The Extraordinary Way One Woman Helps The Poor

It was while consulting for an Indian call center in 2005 that Sama Group founder and CEO Leila Janah met a young person from Dharavi in Mumbai — a locality considered South Asia's largest slum — who was working in a call center, that Janah realized the Internet's potential to provide work for people with few opportunities. The idea for her first non-profit, Samasource, hit her — someone could use the outsourcing model for good, rather than simply for making money, by giving the poor across the globe tech jobs tagging, transcribing, and data-mining.

Working in Africa since she was a teenager, Janah knew the best way to help the poor was to connect them with work, giving them power over their own lives. "This is much better than giving people a service or product (like clean water or malaria nets), because it allows them to determine what they need and choose the best products and services for them," she tells Bustle.

Since Janah created Samasource in 2008, her organization has moved about 7,000 people from an average income of $2 a day to $8 day, according to Janah, lifting them and their families out of poverty. The overarching Sama Group — "Sama" means equal in Sanskrit — now oversees Samasource and Samaschool, a U.S.-based job-training program. The 33-year-old has dedicated her life to helping the poor and believes enabling them to work is the best way to do so. "Work is at the core of human dignity," Sama Group's website says. "It is how we define ourselves and make a contribution in the world. It's also the best way to end poverty."

Janah's Sama programs (including Samahope, a crowdfunding platform for medical treatments, recently combined with Johnson & Johnson's CaringCrowd platform) have helped a combined 19,308 workers, patients, and students in 12 countries across North and South America, sub-Saharan Africa, and South Asia. But the social entrepreneur views her work as much more than just finding jobs and medical treatment for the world's poor — she's dedicated to helping them actually overcome poverty and improve their lives, and, in turn, their communities. "A lot of businesses say they're advancing social justice because they hire people from a poor country," Janah told Wired in July. "But it was important to me to start this business in a way that would track people's income, find people below the poverty line, and move them above it."

When a single person increases their income, their household becomes more financially stable, and as more and more families in an area do so, the entire community becomes more secure. Because of this, Sama Group has impacted nearly 41,000 lives since 2008.

This winter, Sama Group decided to hold an "UnGala" instead of a traditional fancy gala fundraiser. "A grassroots event on the cheap," as Janah put it. One of Samasource's first workers in Kenya — a young woman named Vanessa — showed up at the event and revealed that after Samasource, she got a scholarship to Santa Monica College and was studying computer science and working part-time as a nursing assistant. "She attended our event and even donated $100, bringing tears to everyone's eyes," Janah tells Bustle.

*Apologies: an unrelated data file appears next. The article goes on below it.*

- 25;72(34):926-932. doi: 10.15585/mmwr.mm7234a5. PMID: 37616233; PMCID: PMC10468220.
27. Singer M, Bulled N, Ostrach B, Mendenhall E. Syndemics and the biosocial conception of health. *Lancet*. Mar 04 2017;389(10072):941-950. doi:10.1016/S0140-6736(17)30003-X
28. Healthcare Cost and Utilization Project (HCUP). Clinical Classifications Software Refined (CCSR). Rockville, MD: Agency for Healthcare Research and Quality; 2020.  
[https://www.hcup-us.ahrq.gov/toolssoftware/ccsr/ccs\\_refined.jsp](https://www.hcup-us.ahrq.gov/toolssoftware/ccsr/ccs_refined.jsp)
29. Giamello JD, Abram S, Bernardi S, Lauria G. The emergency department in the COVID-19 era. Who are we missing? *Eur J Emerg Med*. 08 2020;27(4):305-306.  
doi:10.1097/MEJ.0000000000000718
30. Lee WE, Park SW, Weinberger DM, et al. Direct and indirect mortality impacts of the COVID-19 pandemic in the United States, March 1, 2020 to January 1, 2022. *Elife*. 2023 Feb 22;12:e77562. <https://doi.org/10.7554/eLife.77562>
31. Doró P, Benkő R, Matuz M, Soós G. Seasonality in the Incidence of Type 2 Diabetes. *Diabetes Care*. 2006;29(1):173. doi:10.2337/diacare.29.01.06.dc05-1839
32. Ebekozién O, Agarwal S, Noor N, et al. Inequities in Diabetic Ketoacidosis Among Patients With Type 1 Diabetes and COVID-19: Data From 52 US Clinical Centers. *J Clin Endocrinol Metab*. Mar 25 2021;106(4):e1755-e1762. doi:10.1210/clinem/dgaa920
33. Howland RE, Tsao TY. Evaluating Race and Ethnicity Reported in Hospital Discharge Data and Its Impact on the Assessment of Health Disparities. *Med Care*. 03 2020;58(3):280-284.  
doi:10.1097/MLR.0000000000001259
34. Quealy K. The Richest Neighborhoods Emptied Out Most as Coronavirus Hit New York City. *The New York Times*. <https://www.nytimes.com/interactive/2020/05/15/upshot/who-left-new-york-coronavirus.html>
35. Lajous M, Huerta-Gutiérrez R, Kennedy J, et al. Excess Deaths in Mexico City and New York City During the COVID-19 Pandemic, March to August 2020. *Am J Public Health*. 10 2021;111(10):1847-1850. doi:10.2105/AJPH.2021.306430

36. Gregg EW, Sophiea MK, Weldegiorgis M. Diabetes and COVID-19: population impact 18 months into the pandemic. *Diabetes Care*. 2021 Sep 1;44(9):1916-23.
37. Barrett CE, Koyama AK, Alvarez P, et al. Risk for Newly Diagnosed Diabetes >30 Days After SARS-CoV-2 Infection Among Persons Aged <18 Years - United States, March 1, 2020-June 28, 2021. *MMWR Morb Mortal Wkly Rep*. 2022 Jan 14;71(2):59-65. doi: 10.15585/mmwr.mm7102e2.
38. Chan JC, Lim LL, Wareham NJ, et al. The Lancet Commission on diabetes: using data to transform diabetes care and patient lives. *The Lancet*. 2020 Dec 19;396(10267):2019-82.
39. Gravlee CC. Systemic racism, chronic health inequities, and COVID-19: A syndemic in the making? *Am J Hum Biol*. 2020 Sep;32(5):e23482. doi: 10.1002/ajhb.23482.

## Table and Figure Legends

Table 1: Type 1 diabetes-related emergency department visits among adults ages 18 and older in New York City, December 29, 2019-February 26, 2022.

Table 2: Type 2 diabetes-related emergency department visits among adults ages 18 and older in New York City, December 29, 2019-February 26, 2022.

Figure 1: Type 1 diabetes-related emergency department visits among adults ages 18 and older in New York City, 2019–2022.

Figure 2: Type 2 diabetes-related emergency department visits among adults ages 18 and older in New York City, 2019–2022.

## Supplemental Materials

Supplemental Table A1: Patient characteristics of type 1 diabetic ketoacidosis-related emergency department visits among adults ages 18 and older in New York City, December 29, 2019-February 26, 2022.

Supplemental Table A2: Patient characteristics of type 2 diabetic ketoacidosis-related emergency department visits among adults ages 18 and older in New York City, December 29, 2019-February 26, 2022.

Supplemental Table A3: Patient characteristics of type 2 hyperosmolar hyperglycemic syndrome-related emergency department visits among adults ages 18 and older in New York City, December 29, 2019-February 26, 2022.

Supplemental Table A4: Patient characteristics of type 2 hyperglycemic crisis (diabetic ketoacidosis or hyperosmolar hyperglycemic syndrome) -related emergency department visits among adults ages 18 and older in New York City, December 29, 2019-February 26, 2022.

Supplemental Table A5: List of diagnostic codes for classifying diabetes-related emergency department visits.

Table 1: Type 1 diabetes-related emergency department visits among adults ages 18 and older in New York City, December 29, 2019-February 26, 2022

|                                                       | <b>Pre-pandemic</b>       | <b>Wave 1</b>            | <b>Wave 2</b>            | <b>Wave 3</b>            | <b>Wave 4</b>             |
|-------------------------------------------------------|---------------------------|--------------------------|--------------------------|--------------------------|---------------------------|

Tracking Sama Group's impact is important to Janah, as she believes non-profits should be held to the same standards as other types of companies. "Good intentions don't translate to good outcomes," Janah says. "If we want to make the world better, we have to be sure the things we're doing in the name of philanthropy are measurably improving people's lives. Otherwise, these projects are merely feel-good outlets for the wealthy and the powerful." With this philosophy, Janah is helping improve the way the entire non-profit industry functions.

As if running Sama Group wasn't enough, Janah launched her first for-profit project online in November — Laxmi, a luxury skincare brand that uses rare, organic, and sustainably-harvested ingredients, named after the Hindu goddess Lakshmi. Like Janah's other ventures, Laxmi is committed to transforming low-income communities and promises to invest in social programs and pay fair wages, as much as three times the local average. "Deeper luxury is about making yourself and the world more beautiful, and refusing to accept anything less," Janah wrote on Laxmi's website. "We believe that skincare should be highly effective, beautifully packaged, safe enough to eat, and sourced with care and compassion for people and the environment — we shouldn't have to compromise."

By giving women across the globe the ability to buy humanely-produced luxury skincare products, Laxmi also empowers women to make a difference through their purchases. Even if you don't work for a non-profit or spend your time helping the poor, you still have the power to do good through the shopping decisions you make regularly.

Janah's nonstop philanthropy is truly encouraging, and without knowing it, she summed up why she's such an inspiration in her own words — Janah says: "My passion in life is creating good work for poor people who lack opportunity."

Images: Courtesy of Leila Janah/Chloe Aftel (2); Loïc Le Meur (2)